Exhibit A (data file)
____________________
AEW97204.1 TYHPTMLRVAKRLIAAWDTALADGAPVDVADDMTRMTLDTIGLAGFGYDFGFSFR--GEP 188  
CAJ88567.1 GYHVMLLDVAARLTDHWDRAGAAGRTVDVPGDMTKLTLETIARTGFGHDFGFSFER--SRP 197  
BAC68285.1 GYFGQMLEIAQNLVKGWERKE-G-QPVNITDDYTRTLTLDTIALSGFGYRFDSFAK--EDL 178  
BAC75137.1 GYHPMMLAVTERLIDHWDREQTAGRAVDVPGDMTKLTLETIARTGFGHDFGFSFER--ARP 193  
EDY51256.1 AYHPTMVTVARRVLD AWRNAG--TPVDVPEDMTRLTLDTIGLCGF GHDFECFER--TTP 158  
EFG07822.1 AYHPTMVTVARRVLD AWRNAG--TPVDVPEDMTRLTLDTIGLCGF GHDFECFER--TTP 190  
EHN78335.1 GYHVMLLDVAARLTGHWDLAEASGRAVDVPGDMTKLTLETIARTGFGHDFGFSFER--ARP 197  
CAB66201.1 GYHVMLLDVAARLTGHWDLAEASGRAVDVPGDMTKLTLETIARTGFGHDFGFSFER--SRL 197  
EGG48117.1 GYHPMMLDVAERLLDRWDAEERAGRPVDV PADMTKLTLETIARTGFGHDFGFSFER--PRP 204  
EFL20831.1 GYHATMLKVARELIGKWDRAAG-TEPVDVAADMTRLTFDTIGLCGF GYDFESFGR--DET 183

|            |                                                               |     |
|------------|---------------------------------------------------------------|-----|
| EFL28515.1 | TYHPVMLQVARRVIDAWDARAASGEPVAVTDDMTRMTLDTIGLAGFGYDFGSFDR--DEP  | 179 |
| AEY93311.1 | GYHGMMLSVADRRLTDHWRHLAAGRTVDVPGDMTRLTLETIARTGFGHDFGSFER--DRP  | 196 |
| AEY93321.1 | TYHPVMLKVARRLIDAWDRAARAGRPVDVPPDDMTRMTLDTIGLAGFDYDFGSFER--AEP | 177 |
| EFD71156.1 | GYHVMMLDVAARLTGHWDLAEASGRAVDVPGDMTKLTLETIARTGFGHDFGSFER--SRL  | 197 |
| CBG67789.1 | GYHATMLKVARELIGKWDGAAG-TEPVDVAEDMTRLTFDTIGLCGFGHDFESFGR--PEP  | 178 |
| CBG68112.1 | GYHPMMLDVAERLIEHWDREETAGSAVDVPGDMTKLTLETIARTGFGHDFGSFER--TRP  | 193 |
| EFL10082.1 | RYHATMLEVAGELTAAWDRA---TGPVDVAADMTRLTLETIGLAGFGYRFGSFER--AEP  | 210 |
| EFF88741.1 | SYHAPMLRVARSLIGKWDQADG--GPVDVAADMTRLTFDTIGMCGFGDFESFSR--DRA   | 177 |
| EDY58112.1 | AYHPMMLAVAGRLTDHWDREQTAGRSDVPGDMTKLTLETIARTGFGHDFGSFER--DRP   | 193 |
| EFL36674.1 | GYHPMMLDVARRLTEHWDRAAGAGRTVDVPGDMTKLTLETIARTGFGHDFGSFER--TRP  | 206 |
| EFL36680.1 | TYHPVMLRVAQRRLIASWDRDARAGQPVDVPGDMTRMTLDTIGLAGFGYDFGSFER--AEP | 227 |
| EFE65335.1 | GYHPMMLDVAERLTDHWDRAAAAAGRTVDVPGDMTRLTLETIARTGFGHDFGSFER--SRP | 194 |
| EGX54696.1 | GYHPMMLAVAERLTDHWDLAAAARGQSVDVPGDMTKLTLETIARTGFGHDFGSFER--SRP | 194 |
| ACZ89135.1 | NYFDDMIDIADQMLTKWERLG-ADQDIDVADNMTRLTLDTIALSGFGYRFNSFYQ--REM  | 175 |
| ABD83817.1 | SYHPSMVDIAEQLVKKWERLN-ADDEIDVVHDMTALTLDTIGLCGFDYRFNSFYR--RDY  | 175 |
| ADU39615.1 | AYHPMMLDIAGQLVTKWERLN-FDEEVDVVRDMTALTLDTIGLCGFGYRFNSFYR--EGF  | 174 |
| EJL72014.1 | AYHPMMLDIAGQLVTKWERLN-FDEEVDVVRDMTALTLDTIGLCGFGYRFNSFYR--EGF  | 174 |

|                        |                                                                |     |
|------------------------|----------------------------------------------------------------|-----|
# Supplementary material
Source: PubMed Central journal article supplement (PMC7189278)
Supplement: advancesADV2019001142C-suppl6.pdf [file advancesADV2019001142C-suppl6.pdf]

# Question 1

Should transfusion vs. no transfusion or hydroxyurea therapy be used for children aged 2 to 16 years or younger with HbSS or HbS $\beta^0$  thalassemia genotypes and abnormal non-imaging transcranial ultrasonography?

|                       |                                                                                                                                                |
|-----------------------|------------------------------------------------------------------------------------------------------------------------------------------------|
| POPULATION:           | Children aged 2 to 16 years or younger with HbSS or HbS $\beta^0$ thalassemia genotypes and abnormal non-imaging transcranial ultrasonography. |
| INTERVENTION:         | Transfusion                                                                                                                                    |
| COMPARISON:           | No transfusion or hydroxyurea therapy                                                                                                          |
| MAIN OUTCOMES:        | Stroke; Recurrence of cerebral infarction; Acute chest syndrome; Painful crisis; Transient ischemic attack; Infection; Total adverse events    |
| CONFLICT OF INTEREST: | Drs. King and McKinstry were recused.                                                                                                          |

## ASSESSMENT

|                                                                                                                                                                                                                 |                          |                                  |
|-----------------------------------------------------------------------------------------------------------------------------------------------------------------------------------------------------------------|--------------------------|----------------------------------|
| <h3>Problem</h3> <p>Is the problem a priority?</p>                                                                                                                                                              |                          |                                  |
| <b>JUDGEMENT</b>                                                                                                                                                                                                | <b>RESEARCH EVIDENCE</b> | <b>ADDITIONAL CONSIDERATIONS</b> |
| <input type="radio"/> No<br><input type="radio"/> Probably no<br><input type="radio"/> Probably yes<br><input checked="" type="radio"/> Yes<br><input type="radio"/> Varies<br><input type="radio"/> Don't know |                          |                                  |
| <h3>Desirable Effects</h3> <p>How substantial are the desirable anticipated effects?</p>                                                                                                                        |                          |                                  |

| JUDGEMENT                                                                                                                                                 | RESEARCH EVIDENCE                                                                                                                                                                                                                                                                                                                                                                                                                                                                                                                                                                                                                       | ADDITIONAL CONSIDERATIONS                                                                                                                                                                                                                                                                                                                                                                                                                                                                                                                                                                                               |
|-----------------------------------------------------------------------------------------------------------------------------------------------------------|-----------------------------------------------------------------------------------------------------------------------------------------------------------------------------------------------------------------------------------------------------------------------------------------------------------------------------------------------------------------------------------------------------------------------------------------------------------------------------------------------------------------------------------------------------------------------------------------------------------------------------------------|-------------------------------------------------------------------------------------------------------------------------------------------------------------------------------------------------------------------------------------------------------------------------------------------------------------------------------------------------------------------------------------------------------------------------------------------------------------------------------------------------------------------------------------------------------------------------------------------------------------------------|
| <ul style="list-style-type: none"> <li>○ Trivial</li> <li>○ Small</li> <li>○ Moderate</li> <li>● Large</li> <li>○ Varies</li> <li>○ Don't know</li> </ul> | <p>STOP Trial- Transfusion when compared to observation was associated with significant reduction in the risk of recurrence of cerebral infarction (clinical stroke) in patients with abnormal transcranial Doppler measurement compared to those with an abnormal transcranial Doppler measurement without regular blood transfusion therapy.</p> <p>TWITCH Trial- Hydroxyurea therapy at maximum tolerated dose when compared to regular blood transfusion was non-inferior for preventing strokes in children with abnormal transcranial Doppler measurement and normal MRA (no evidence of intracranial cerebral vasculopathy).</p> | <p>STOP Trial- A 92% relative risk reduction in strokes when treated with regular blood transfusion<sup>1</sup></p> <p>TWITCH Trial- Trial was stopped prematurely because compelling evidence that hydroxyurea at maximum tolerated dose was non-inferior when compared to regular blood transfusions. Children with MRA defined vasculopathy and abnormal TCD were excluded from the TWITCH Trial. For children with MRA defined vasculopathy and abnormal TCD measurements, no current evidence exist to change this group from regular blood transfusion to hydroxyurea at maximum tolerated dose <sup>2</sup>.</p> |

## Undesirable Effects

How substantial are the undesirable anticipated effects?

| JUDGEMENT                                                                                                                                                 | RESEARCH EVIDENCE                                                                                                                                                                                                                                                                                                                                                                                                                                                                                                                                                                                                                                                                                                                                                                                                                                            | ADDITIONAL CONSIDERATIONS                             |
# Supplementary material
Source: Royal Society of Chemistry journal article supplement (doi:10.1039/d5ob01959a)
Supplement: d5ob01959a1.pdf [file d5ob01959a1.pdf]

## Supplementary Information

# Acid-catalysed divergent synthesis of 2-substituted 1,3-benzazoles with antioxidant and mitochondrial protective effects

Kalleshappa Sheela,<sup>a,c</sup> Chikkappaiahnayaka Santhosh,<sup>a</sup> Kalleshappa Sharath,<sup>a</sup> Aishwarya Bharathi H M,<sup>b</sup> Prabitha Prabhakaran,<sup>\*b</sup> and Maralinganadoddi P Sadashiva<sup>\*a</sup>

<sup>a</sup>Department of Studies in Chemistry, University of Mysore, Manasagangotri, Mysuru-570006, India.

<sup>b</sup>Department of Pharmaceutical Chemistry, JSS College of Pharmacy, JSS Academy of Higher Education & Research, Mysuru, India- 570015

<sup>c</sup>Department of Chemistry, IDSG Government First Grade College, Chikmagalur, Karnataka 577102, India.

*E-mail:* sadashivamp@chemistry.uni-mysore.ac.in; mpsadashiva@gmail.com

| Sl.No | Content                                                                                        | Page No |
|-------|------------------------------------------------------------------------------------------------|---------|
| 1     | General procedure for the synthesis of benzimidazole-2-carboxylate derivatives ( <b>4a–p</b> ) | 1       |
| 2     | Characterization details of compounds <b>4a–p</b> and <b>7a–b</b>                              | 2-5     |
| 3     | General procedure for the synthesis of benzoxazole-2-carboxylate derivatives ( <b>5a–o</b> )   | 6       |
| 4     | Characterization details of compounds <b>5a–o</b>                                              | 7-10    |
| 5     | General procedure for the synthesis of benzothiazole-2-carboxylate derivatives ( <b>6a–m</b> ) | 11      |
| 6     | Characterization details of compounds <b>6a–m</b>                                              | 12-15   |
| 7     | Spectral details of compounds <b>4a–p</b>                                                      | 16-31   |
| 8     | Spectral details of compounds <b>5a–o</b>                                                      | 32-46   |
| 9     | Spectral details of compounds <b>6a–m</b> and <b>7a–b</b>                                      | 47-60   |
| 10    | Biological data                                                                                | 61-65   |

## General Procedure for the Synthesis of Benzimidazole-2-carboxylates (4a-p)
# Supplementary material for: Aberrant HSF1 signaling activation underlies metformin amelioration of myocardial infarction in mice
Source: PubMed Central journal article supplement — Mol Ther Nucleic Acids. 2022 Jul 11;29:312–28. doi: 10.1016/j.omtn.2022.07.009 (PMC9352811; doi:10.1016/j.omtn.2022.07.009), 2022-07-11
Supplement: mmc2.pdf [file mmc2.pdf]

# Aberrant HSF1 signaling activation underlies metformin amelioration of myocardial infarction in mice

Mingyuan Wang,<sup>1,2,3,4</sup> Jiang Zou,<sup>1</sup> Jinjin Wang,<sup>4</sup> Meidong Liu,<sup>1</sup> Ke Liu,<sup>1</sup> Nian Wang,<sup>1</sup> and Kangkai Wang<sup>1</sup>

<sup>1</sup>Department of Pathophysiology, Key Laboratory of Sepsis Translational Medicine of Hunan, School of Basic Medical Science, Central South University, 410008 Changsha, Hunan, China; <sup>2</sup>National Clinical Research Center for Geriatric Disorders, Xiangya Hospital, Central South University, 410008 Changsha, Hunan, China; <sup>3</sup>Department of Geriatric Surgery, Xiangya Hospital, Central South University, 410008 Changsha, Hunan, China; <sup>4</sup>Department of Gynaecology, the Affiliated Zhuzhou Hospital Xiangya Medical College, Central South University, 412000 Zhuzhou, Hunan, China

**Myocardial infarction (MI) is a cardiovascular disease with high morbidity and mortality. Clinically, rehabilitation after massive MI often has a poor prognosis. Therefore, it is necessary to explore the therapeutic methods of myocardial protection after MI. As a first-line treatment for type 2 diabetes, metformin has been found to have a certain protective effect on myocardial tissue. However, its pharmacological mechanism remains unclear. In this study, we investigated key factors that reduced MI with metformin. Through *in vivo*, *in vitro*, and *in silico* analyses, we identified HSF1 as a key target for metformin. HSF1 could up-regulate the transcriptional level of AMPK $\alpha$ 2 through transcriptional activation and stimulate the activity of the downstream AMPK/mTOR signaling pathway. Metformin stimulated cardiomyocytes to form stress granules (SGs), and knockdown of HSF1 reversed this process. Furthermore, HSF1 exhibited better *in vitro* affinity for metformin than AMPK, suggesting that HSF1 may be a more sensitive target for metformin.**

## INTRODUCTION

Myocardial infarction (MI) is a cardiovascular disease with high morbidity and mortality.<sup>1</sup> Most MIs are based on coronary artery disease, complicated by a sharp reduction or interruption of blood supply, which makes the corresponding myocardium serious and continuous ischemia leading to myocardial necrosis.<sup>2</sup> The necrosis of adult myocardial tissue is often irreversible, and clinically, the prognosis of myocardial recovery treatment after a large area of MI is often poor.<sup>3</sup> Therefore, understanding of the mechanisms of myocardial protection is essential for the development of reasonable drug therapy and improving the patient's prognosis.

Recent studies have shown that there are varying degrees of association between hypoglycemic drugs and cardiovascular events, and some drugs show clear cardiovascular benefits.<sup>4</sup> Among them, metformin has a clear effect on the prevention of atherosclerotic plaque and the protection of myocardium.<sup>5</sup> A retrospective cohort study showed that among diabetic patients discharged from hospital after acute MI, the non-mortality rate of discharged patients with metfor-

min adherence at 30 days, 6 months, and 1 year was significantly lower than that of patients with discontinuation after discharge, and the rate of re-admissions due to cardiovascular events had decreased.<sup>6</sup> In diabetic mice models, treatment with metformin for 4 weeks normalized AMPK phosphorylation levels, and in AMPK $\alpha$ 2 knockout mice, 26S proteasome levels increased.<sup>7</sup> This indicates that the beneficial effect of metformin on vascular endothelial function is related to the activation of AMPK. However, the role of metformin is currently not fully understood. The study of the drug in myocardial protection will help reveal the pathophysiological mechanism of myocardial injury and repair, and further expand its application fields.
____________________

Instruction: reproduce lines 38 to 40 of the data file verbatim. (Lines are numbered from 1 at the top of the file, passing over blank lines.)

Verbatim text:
|-----------------------|------------------------------------------------------------------------------------------------------------------------------------------------|
| POPULATION:           | Children aged 2 to 16 years or younger with HbSS or HbS $\beta^0$ thalassemia genotypes and abnormal non-imaging transcranial ultrasonography. |
| INTERVENTION:         | Transfusion                                                                                                                                    |